Can We Govern the Internet?

This week seemed to revolve around the issue of Internet governance. We left class this week with the sentiment that the issue of governance is not static and is in fact a fight that continues to move forward and be debated. This does not necessarily seem like ground breaking news to me honestly. Battles over who “governs” the Internet are continuously played out in court battles (such as the Yahoo and France case over what can be bought and sold on the Internet in conjunction with laws of actual countries) or even in less obvious ways, such as a country simply censoring what search terms can be used (China would be the perfect example here). It has always been quite obvious to me and I assume almost anyone that the Internet is a place where people from all over the world gather and thus, laws which vary wildly all must make some sort of sense on the Internet.

Currently, it is quite obvious that though the Internet is a gathering of people, governments have an extremely large say in what goes on on the Internet. If you pirate music or movies online while in the United States, the U.S. government will find you and consequences for your actions will occur as pirating copyrighted material is illegal in the U.S. And if you’re in Turkey and you try to search anything that offends or talks negatively about the government, you will not be able to see the results of those searches. The way Internet governance is currently functioning seems to make sense.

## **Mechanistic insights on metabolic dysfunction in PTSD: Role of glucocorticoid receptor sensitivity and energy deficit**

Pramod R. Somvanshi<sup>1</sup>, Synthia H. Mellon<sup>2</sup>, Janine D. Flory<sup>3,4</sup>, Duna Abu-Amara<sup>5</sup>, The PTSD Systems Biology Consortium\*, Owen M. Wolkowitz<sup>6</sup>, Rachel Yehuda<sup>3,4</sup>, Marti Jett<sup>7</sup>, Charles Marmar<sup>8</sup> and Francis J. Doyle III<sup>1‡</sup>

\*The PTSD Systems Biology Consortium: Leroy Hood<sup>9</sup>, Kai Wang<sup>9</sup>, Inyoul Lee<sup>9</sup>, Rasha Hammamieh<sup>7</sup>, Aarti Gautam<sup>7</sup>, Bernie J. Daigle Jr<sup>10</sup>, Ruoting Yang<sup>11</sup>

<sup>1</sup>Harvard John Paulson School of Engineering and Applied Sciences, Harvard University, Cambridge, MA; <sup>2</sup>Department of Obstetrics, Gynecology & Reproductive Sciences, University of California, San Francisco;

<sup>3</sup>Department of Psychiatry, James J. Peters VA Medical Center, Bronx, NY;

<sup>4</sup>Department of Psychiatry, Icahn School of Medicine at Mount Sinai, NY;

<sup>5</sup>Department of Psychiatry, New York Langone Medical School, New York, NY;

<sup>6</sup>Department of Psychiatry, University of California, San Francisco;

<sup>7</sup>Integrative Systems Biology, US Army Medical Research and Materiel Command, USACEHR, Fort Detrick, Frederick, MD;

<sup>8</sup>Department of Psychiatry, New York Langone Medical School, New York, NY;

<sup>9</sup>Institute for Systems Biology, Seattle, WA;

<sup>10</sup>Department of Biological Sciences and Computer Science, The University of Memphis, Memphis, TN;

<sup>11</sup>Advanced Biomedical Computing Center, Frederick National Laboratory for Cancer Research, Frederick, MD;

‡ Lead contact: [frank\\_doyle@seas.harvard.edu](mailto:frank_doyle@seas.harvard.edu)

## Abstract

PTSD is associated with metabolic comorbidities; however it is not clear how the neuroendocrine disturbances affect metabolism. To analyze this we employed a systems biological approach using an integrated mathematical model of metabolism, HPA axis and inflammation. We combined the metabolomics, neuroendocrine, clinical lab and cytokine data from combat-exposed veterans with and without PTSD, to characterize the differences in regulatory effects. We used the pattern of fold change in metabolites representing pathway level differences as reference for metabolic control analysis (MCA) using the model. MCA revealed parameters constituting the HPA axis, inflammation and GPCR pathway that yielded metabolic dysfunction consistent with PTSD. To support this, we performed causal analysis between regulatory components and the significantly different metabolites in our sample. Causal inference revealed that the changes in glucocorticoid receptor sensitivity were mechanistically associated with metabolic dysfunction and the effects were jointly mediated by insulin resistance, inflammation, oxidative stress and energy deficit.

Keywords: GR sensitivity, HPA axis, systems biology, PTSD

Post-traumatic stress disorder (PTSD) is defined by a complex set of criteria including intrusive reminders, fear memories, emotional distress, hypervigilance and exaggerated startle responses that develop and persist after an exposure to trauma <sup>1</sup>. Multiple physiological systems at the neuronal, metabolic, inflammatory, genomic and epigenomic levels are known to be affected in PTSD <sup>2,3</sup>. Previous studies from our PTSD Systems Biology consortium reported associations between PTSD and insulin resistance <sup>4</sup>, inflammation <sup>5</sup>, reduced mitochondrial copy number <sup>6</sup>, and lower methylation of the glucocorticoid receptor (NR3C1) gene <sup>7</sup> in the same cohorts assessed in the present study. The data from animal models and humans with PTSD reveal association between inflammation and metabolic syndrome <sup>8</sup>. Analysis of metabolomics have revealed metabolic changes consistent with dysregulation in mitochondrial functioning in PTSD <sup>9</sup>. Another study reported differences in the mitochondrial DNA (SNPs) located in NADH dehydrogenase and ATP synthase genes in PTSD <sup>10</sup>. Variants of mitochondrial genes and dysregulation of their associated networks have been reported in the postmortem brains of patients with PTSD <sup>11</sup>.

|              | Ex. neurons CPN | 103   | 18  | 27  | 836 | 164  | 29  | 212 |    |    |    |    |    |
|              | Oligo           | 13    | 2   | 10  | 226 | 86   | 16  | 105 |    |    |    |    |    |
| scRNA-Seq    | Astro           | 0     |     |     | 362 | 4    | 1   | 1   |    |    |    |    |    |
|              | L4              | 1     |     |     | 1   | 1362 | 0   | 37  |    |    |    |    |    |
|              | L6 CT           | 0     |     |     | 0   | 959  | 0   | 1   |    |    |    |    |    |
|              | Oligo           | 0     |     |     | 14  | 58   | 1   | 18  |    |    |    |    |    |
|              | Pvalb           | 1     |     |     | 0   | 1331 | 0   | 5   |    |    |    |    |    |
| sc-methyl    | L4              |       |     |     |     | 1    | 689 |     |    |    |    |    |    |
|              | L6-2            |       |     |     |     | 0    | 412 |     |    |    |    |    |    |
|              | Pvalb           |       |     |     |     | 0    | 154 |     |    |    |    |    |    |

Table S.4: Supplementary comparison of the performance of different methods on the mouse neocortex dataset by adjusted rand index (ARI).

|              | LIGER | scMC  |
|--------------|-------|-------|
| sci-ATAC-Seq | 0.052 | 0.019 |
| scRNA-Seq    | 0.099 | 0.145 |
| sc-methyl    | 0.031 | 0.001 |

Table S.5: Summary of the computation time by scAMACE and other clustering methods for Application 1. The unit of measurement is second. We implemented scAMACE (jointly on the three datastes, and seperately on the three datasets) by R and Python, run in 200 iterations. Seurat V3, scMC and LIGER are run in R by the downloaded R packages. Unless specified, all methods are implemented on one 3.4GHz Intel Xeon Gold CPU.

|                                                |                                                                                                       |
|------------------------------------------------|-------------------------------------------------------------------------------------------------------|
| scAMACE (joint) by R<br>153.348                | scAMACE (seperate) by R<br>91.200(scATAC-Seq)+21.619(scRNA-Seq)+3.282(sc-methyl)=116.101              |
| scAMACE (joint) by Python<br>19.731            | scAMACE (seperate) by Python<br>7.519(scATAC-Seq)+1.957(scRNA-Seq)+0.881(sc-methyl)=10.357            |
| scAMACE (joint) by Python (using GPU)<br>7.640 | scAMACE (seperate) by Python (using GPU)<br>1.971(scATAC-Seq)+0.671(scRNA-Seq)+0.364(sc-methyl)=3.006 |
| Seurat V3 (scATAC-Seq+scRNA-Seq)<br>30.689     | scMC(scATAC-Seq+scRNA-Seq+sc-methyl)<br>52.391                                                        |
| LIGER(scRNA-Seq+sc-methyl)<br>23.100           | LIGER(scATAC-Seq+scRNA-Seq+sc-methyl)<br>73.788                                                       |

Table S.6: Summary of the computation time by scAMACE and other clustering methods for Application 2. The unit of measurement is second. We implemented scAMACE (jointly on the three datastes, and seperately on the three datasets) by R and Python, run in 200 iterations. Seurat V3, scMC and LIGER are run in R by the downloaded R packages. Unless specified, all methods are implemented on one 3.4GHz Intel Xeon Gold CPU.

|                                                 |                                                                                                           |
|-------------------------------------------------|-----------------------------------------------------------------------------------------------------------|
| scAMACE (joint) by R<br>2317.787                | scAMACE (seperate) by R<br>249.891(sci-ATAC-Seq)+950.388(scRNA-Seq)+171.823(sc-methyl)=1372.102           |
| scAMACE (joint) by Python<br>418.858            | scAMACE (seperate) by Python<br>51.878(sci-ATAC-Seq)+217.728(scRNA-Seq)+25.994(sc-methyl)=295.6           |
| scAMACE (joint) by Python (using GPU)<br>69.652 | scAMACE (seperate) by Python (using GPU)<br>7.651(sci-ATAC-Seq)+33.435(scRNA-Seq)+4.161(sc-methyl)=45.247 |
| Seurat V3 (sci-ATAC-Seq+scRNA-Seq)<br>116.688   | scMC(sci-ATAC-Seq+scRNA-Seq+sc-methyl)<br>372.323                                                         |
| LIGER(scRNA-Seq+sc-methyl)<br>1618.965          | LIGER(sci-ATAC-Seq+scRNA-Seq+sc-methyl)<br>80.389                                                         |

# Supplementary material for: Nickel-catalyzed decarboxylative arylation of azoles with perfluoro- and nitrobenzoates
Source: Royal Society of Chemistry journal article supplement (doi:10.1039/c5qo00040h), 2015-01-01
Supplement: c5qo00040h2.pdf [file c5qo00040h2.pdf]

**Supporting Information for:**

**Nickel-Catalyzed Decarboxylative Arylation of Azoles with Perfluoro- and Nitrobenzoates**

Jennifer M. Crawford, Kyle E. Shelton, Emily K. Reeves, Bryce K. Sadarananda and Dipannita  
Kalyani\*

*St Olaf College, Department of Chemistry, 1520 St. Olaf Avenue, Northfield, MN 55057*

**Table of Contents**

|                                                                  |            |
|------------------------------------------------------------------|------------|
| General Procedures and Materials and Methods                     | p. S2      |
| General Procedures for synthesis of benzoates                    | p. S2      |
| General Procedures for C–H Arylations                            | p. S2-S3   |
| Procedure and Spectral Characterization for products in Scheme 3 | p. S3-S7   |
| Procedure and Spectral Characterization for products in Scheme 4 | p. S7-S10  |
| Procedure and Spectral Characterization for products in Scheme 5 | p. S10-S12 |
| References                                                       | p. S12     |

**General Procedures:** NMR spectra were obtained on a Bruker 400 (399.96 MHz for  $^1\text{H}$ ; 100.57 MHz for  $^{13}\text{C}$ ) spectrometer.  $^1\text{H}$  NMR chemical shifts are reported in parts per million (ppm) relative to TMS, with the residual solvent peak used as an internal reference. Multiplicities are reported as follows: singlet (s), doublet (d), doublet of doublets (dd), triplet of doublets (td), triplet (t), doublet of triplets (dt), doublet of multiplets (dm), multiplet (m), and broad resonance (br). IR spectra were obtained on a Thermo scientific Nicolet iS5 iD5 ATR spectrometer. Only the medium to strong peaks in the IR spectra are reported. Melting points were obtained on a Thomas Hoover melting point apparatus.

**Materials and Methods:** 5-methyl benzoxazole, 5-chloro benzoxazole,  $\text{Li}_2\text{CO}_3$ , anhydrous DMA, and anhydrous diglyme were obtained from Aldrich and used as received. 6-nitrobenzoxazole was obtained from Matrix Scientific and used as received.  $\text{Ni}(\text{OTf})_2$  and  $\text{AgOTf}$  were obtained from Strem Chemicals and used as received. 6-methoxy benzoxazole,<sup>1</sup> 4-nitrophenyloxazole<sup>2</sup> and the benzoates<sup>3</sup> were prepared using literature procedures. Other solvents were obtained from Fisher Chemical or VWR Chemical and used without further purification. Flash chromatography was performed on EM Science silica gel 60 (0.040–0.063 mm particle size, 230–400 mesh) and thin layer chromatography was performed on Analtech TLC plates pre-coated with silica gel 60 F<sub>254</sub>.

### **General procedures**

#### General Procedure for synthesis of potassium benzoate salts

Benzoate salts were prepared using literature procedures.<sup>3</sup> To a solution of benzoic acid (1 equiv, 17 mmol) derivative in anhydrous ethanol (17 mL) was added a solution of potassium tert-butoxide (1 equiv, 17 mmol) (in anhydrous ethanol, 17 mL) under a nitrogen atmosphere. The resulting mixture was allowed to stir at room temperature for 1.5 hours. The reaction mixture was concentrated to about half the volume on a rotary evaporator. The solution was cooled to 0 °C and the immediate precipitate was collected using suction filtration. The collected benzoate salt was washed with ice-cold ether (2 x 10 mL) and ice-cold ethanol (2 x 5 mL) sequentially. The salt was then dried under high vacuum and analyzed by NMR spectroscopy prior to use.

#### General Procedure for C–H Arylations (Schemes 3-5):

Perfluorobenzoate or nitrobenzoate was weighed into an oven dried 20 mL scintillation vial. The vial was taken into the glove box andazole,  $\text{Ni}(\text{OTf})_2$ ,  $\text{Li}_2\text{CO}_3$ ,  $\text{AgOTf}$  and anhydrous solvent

But, how much longer will it (having the Internet governed by nation-state governments) continue to make sense and can the Internet be governed globally? The World Summit on the Information Society (WSIS) tried to address the problem of Internet governance by allowing governments, civil society, private industry and International Organizations to come together to discuss how exactly the Internet and the information society should function globally. The result was four documents (the Geneva Declaration of Principles, the Geneva Plan of Action, the Tunis Commitment and the Tunis Agenda for the Information Society) that were very nice in principle, but as with all International agreements had very loose language.  And in addition to that, people are smart and will not always accept that the government of their nation-state imposes laws that are also valid on the Internet. I think a perfect example of this would be in Turkey where protestors took to the streets after being told that ISPs would give citizens a choice on filtering, but that filtering of websites would still occur. People see the Internet as a place free from “governance”. I guess I’m just wondering how long will it take for governments to give up trying to govern the Internet and allow people to govern themselves? Or even more a question, can people govern themselves online without the interference of governments, civil society, etc.?

~Becky

 

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